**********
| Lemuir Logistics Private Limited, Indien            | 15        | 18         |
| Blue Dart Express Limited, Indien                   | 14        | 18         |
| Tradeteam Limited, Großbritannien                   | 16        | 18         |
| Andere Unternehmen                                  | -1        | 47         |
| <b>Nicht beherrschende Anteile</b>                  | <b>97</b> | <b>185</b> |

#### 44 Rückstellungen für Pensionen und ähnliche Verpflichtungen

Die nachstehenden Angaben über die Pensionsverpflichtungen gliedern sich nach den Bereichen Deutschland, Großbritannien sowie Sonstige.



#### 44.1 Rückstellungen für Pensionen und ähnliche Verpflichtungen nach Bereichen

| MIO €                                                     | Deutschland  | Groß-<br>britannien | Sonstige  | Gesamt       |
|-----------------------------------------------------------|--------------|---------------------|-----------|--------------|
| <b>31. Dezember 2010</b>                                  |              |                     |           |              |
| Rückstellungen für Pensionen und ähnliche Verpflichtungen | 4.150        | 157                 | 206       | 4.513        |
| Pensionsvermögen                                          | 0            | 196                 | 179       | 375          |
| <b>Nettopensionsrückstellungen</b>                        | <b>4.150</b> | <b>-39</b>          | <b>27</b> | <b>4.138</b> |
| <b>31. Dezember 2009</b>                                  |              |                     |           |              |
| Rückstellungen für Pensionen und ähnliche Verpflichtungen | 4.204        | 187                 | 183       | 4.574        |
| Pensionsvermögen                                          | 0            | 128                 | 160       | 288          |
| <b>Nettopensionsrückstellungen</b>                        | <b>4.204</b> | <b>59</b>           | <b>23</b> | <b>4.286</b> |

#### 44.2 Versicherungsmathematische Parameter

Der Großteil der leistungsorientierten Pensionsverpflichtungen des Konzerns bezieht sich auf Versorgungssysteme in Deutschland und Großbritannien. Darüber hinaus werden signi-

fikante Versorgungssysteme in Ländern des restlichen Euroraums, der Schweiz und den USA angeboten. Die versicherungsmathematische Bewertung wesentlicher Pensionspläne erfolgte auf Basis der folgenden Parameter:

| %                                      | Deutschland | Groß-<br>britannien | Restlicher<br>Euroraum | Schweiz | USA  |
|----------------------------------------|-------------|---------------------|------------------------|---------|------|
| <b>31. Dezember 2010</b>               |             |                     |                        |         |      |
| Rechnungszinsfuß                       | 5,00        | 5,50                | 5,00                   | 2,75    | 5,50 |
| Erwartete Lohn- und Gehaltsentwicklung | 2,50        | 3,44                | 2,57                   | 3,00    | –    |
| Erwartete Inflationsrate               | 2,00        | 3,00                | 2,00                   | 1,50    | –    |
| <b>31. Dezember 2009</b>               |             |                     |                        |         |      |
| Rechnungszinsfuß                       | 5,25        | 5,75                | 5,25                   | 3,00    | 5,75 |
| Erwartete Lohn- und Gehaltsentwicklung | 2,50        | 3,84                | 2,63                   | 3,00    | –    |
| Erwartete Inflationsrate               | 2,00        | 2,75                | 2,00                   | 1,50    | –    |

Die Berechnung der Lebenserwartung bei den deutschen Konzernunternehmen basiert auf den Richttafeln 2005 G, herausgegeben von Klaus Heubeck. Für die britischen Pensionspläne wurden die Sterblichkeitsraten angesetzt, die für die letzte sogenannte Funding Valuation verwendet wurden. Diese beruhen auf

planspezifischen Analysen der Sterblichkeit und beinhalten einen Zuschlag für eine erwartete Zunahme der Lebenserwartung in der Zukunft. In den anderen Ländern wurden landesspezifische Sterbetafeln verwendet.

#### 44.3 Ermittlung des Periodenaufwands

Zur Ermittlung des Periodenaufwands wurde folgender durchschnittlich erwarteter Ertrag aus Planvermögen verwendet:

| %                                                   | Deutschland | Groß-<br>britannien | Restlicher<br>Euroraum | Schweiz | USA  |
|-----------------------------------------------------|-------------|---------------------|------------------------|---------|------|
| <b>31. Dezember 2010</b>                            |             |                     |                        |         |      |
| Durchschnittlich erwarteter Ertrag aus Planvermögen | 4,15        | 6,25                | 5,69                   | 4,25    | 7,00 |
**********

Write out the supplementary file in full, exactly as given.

| Lemuir Logistics Private Limited, Indien            | 15        | 18         |
| Blue Dart Express Limited, Indien                   | 14        | 18         |
| Tradeteam Limited, Großbritannien                   | 16        | 18         |
| Andere Unternehmen                                  | -1        | 47         |
| <b>Nicht beherrschende Anteile</b>                  | <b>97</b> | <b>185</b> |

#### 44 Rückstellungen für Pensionen und ähnliche Verpflichtungen

Die nachstehenden Angaben über die Pensionsverpflichtungen gliedern sich nach den Bereichen Deutschland, Großbritannien sowie Sonstige.



#### 44.1 Rückstellungen für Pensionen und ähnliche Verpflichtungen nach Bereichen

| MIO €                                                     | Deutschland  | Groß-<br>britannien | Sonstige  | Gesamt       |
|-----------------------------------------------------------|--------------|---------------------|-----------|--------------|
| <b>31. Dezember 2010</b>                                  |              |                     |           |              |
| Rückstellungen für Pensionen und ähnliche Verpflichtungen | 4.150        | 157                 | 206       | 4.513        |
| Pensionsvermögen                                          | 0            | 196                 | 179       | 375          |
| <b>Nettopensionsrückstellungen</b>                        | <b>4.150</b> | <b>-39</b>          | <b>27</b> | <b>4.138</b> |
| <b>31. Dezember 2009</b>                                  |              |                     |           |              |
| Rückstellungen für Pensionen und ähnliche Verpflichtungen | 4.204        | 187                 | 183       | 4.574        |
| Pensionsvermögen                                          | 0            | 128                 | 160       | 288          |
| <b>Nettopensionsrückstellungen</b>                        | <b>4.204</b> | <b>59</b>           | <b>23</b> | <b>4.286</b> |

#### 44.2 Versicherungsmathematische Parameter

Der Großteil der leistungsorientierten Pensionsverpflichtungen des Konzerns bezieht sich auf Versorgungssysteme in Deutschland und Großbritannien. Darüber hinaus werden signi-

fikante Versorgungssysteme in Ländern des restlichen Euroraums, der Schweiz und den USA angeboten. Die versicherungsmathematische Bewertung wesentlicher Pensionspläne erfolgte auf Basis der folgenden Parameter:

| %                                      | Deutschland | Groß-<br>britannien | Restlicher<br>Euroraum | Schweiz | USA  |
|----------------------------------------|-------------|---------------------|------------------------|---------|------|
| <b>31. Dezember 2010</b>               |             |                     |                        |         |      |
| Rechnungszinsfuß                       | 5,00        | 5,50                | 5,00                   | 2,75    | 5,50 |
| Erwartete Lohn- und Gehaltsentwicklung | 2,50        | 3,44                | 2,57                   | 3,00    | –    |
| Erwartete Inflationsrate               | 2,00        | 3,00                | 2,00                   | 1,50    | –    |
| <b>31. Dezember 2009</b>               |             |                     |                        |         |      |
| Rechnungszinsfuß                       | 5,25        | 5,75                | 5,25                   | 3,00    | 5,75 |
| Erwartete Lohn- und Gehaltsentwicklung | 2,50        | 3,84                | 2,63                   | 3,00    | –    |
| Erwartete Inflationsrate               | 2,00        | 2,75                | 2,00                   | 1,50    | –    |

Die Berechnung der Lebenserwartung bei den deutschen Konzernunternehmen basiert auf den Richttafeln 2005 G, herausgegeben von Klaus Heubeck. Für die britischen Pensionspläne wurden die Sterblichkeitsraten angesetzt, die für die letzte sogenannte Funding Valuation verwendet wurden. Diese beruhen auf

planspezifischen Analysen der Sterblichkeit und beinhalten einen Zuschlag für eine erwartete Zunahme der Lebenserwartung in der Zukunft. In den anderen Ländern wurden landesspezifische Sterbetafeln verwendet.

#### 44.3 Ermittlung des Periodenaufwands

Zur Ermittlung des Periodenaufwands wurde folgender durchschnittlich erwarteter Ertrag aus Planvermögen verwendet:

| %                                                   | Deutschland | Groß-<br>britannien | Restlicher<br>Euroraum | Schweiz | USA  |
|-----------------------------------------------------|-------------|---------------------|------------------------|---------|------|
| <b>31. Dezember 2010</b>                            |             |                     |                        |         |      |
| Durchschnittlich erwarteter Ertrag aus Planvermögen | 4,15        | 6,25                | 5,69                   | 4,25    | 7,00 |